Las Vegas, Nevada 1960

Las Vegas has changed quite a bit since 1960. The Stardust Casino is no longer in Vegas, but you can see in this film where it started out. It’s grandeur a bit more sedate than by the time it was imploded in 2007. (The film starts with an exterior of the Silver Slipper Gambling Hall)

The acts playing the lounges and the big stage in 1960 were:

Lido De Paris the big floor show all the way from..

Tony Pastor Revue

The Kim Sisters.  Here a  a few links from You Tube of the trio performing. They were fairly popular with Ed Sullivan who according to the linked Wiki article had them on his show 22 times. At this link The Kim Sisters perform an Al Jolson medley featuring not only the big show stopper “Won’t You Come Home, Bill Bailey” but also “Toot, Toot, Tootsie Goodbye ” and “Mammy”. Here’s a video from the Ed Sullivan Show where they perform with their mother who had was  a South Korean singing star in her own right. And here’s one more where they triple team a xylophone at the end. Oh and you can get their first album over on iTunes on which they cover The 50s classic Charlie Brown.

Tony Martinez was also on the bill. Martinez was also known or his roll on the television series “The Real McCoys”. You can catch a clip of him and his band over at YOUTUBE from the movie “Rock Around the Clock”

I can’t find much about the last act on the bill, Audre Cooper or the Happy Jesters. I’ll keep looking around for that.






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April 18, 2014 · 10:45 pm

Johnny Weissmuller as Tarzan

Vacation film from Silver Springs, Florida. I’m not 100% sure, but I’m 98% that the subject here is the movie star Johnny Weissmuller, who brought Edgar Rice Burroughs classic character to life on the silver screen. Weissmuller defined the character for a generation of movie goers in the 1930s the 1940s. And still is probably the best known and well loved version of the ape man. Also Weissmuller was a five time gold medalist in the Olympics.

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April 10, 2014 · 7:16 am

Home Movie Animations

It’s great to find films where people played with their cameras and not just documenting what was going on in their lives. Here are two fun home movie animations. Very simple. The first is stop motion with some toys the other is a “The End” animated title card with a classic ending.

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April 9, 2014 · 6:35 am

Live (not quite) from the Brickyard — 1946 Indy 500

By the time Memorial Day 1946 came around, I suspect most of the country was ready for things to get back to normal after the end of the war nine months earlier. According to one news reel from the time, 175,00 people returned to the new renovated race track for the first Indy 500 since 1941.  World War Two brought with it shortages in some of the necessities of modern life, like fuel. So racing at the Brickyard halted for a few years, while the Allies opened up a can of Whoop Axis in Europe and in the Pacific.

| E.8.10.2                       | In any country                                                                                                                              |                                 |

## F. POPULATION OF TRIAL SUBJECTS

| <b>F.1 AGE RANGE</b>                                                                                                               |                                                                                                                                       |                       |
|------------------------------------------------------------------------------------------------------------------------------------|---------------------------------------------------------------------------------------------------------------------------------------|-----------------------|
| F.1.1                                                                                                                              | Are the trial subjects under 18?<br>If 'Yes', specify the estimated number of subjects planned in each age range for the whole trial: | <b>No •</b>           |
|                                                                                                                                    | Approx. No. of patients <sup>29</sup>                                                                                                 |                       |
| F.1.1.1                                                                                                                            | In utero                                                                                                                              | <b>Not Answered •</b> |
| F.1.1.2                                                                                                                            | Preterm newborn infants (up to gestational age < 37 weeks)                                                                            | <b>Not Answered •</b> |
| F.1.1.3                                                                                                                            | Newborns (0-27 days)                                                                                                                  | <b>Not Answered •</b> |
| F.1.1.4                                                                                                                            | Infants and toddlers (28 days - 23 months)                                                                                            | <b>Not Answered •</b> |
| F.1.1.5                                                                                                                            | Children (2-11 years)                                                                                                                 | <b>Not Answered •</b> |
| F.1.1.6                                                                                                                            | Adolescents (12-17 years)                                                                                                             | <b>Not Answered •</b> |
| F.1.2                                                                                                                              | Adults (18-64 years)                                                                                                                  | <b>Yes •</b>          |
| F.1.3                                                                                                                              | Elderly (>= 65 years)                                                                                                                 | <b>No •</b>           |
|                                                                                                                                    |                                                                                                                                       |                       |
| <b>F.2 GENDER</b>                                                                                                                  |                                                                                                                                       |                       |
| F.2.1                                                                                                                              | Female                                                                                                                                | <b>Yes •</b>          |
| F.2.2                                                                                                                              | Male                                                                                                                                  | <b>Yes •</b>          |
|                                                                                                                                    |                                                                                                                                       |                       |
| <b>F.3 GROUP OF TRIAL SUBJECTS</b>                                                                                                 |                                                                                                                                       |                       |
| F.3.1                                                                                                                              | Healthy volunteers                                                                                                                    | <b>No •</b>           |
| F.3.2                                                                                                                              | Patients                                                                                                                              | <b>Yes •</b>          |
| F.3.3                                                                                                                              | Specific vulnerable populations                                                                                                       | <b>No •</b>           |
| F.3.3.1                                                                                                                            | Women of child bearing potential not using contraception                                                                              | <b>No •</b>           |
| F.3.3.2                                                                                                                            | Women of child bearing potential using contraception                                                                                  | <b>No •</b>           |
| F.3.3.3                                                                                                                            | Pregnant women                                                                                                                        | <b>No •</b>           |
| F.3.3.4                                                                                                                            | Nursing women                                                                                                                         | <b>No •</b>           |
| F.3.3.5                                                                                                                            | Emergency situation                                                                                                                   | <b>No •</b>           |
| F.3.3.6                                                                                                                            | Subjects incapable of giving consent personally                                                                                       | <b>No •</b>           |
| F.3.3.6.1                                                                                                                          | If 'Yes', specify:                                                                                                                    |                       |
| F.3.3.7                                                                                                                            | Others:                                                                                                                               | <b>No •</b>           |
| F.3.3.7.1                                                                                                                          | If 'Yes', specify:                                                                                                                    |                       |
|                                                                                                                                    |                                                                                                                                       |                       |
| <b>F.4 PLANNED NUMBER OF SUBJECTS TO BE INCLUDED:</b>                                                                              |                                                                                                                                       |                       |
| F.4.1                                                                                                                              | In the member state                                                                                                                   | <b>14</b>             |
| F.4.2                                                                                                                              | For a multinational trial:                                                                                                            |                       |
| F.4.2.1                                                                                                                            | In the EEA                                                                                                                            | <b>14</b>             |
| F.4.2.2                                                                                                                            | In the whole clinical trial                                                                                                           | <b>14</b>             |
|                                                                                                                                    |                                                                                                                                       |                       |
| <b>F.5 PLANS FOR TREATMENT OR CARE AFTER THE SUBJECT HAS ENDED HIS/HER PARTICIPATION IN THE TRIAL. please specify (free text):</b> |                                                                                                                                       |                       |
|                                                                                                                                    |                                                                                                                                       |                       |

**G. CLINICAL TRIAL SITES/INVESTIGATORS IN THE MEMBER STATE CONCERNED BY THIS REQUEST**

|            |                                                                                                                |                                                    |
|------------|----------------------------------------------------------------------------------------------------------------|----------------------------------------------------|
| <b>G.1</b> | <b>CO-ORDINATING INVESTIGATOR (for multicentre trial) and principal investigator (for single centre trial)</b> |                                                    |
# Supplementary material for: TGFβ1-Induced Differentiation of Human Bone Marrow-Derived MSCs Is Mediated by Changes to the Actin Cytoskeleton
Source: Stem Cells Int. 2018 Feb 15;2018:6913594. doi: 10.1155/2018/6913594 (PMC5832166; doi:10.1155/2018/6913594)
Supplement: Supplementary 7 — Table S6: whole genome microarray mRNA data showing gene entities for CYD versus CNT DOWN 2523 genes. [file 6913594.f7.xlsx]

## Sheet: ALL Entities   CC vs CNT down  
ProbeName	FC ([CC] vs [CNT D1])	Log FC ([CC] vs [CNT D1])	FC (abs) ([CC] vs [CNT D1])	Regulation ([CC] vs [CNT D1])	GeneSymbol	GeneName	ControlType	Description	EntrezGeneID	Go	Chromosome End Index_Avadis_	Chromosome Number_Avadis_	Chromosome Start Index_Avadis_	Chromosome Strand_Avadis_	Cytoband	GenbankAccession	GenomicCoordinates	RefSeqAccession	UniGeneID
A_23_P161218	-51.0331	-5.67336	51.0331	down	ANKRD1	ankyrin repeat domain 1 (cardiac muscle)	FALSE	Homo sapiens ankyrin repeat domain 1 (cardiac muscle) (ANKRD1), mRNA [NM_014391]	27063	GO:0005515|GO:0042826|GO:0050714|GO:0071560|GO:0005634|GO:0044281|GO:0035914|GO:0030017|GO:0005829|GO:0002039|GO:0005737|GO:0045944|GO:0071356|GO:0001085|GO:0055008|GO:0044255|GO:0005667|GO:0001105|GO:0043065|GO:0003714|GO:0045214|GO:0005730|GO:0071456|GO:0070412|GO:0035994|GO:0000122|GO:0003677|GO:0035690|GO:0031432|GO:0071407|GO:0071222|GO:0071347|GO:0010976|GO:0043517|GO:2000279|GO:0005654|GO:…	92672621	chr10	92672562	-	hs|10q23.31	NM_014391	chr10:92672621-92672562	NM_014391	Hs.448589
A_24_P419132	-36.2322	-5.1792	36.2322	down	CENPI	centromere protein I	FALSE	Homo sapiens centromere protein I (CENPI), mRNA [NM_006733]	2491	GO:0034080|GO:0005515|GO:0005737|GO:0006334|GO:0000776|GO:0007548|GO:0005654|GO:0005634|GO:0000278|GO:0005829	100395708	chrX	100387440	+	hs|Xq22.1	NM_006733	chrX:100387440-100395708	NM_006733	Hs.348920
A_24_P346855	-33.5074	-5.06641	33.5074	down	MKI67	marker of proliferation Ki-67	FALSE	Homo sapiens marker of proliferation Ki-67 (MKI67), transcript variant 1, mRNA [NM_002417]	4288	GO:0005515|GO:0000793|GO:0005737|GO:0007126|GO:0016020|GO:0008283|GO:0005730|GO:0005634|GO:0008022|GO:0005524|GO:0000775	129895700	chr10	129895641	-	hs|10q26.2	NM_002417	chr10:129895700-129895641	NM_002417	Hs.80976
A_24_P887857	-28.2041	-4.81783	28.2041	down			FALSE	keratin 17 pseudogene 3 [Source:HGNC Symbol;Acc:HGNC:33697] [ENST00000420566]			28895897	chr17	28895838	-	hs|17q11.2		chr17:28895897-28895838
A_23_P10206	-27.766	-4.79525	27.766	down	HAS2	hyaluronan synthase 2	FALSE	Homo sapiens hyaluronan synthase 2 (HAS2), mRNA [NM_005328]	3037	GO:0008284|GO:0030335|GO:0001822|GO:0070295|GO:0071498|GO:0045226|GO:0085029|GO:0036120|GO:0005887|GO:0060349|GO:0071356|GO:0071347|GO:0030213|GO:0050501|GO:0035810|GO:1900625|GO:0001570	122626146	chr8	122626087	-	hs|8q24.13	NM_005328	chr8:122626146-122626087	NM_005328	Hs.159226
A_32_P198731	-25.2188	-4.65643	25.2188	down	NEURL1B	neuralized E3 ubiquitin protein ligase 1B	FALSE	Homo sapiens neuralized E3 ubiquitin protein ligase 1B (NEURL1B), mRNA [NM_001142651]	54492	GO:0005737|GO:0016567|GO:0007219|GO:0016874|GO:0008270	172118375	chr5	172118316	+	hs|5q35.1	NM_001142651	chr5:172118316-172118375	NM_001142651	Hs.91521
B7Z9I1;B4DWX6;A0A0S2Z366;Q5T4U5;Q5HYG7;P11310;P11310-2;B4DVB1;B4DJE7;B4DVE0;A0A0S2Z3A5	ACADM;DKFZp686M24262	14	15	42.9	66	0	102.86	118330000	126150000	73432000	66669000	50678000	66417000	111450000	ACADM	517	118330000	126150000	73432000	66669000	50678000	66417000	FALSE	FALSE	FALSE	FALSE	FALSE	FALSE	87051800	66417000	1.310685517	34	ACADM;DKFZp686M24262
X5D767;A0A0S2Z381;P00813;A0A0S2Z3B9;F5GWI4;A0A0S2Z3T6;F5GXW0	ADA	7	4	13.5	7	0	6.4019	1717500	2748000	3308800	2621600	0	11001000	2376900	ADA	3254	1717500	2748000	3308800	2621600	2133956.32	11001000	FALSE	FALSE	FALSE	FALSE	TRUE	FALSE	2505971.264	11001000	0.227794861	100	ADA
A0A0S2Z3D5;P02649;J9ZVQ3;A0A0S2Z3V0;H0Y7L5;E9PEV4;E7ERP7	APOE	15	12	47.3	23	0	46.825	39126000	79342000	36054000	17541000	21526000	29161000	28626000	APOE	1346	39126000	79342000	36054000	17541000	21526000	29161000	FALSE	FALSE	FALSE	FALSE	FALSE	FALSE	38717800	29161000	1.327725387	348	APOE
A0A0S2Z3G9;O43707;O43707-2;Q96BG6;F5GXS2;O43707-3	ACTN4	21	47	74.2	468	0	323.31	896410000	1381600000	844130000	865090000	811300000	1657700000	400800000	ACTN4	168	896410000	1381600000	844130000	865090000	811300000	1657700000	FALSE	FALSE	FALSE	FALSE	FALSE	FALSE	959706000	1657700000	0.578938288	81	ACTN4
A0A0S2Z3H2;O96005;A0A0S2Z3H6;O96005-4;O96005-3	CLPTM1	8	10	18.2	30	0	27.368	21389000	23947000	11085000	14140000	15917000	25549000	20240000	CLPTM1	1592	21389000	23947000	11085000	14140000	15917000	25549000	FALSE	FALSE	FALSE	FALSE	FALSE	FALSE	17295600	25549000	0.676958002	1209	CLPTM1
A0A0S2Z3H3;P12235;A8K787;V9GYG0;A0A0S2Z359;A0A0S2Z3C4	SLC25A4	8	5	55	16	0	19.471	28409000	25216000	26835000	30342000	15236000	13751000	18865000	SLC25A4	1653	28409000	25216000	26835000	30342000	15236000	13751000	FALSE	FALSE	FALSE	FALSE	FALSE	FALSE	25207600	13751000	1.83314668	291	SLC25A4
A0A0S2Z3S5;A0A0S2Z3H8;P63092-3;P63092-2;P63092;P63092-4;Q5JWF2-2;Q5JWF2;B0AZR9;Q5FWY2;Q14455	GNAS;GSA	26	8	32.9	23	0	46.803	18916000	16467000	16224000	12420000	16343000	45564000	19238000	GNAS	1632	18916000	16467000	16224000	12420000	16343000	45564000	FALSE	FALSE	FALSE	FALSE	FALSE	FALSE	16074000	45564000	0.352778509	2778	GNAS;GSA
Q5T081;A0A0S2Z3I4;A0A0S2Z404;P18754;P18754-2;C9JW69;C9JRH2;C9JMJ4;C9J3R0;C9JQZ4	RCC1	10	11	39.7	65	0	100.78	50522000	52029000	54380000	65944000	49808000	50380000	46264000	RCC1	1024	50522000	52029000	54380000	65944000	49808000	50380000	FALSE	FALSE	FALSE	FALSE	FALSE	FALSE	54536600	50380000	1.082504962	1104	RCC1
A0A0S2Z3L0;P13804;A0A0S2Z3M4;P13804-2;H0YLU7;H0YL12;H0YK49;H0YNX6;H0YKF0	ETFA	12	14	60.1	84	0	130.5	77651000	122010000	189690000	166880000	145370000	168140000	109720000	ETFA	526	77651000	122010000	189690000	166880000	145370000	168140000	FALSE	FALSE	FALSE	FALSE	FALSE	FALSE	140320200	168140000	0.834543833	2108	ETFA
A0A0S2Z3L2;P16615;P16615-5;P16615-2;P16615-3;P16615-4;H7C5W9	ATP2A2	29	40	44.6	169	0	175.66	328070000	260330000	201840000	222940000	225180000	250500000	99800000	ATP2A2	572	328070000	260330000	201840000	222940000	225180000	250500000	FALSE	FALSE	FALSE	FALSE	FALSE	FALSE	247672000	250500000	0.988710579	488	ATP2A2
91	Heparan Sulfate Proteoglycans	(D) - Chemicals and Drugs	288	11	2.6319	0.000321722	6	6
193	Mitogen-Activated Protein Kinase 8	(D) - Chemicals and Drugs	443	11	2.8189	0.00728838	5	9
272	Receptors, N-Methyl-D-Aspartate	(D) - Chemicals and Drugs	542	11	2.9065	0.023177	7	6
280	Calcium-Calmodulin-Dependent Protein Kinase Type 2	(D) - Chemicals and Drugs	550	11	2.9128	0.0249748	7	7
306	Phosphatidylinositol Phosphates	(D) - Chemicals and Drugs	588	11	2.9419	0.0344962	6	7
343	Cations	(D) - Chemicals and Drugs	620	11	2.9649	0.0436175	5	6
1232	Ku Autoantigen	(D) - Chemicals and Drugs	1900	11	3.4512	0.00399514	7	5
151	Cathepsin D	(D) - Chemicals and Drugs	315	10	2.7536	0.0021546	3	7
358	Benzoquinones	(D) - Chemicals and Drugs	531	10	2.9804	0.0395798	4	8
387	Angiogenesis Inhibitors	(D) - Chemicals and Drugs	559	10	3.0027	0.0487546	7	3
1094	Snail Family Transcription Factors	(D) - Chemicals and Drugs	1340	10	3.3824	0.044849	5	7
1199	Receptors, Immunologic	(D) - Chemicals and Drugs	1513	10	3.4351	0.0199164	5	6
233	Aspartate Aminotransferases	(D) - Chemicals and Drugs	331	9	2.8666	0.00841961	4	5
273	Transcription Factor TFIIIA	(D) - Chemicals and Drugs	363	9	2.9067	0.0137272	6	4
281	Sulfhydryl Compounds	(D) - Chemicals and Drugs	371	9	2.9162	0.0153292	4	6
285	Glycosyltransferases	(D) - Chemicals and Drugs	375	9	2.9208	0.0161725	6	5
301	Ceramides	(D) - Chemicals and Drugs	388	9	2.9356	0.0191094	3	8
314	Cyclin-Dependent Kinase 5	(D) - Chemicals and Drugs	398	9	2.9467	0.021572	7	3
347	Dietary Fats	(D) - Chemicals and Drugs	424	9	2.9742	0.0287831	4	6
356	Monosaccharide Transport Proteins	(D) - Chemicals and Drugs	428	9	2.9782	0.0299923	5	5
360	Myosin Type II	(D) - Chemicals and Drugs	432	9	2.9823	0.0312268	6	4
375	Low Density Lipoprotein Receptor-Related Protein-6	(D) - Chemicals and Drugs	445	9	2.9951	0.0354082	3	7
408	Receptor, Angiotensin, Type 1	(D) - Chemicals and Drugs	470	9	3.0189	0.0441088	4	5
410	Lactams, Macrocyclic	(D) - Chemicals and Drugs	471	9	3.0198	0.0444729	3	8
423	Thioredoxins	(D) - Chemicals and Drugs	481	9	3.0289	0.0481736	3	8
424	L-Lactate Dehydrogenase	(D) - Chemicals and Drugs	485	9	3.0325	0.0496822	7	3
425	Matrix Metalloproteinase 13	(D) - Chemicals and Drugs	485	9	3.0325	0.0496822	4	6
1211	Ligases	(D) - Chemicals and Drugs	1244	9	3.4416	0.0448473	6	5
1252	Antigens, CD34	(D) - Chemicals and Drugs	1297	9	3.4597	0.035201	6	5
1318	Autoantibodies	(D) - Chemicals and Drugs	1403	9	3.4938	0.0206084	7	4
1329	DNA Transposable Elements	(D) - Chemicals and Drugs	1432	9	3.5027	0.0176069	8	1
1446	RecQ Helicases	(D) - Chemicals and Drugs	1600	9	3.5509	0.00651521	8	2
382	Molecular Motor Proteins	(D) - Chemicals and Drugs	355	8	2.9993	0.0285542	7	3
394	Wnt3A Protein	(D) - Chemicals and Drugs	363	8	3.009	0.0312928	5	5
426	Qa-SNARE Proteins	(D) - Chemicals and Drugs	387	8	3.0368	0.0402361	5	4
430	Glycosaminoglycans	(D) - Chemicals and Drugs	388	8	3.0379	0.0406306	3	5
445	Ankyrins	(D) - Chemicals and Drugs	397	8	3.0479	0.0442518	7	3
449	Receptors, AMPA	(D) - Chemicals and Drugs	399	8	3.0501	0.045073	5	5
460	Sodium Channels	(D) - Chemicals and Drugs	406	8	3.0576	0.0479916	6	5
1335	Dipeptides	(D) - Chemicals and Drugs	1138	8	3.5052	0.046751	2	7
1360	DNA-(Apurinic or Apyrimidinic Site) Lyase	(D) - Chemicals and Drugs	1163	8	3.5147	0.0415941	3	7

33 drivers took their positions at the starting line of the 2.5 mile track and were waved into action by the green flag, but only 7 drivers survived (figuratively) for the checkered flag over 4 hours later.

British born George Robson in car number 16 won the race by 44 seconds over Jimmy Jackson in car 61.  Robson would never win at Indy again, he died 4 months later at another holiday race.  On Labor Day racing in the Lakewood 100 in Atlanta, Robson was in an awful wreck durning the next to last lap of the race. In a cloud of dirt from the track, Robson’s car struck a stalled car and he was thrown from his racer. Two other drivers unable to avoid him, ran over Robson and he died on the track.

Most of this film is shot from the infield, but there are a few feet of footage coming into one of the turns. And there’s some good footage at the head of a parade of cars from automotive history.

Here are a few more facts that I learned while looking up info on this race:

The race was held on a Thursday. Memorial Day used to be on the 30th of May, but some time in the late sixties/early 70s congress changed all of that and blessed us with a 3 day weekend.

This was the first Indy race that drivers used a radio transmit ion communication device to talk to their pit crews. Two drivers — Louis Tomei and Emil Andres — were able to communicate with their pit crews with a mobile radio telephone system. Raytheon came out to the track with what was basically a radio station in a box truck. A little more info can be found here with a a picture of the drivers and the Raytheon “laboratory”. The radio communication didn’t help either driver win, but one did come in 4th and the other in 26th.

Rudolf Caracciola failed to qualify after he blacked out and wrecked during his trial. Most of the press said he had been hit by a bird in the temple. But another rumor out there is that he was shot.  Rudolf was not only German, but also a member of the National Socialist Motor Corps during the war, and although he never joined the Nazi party it was close enough for a lot of Americans at the time. So did a want to be “nazi hunter” take a shot at him?  There’s no proof that either a bird or a bullet hit him, he only felt a pain in the temple before he lost consciousness. but the gun theory is fascinating. (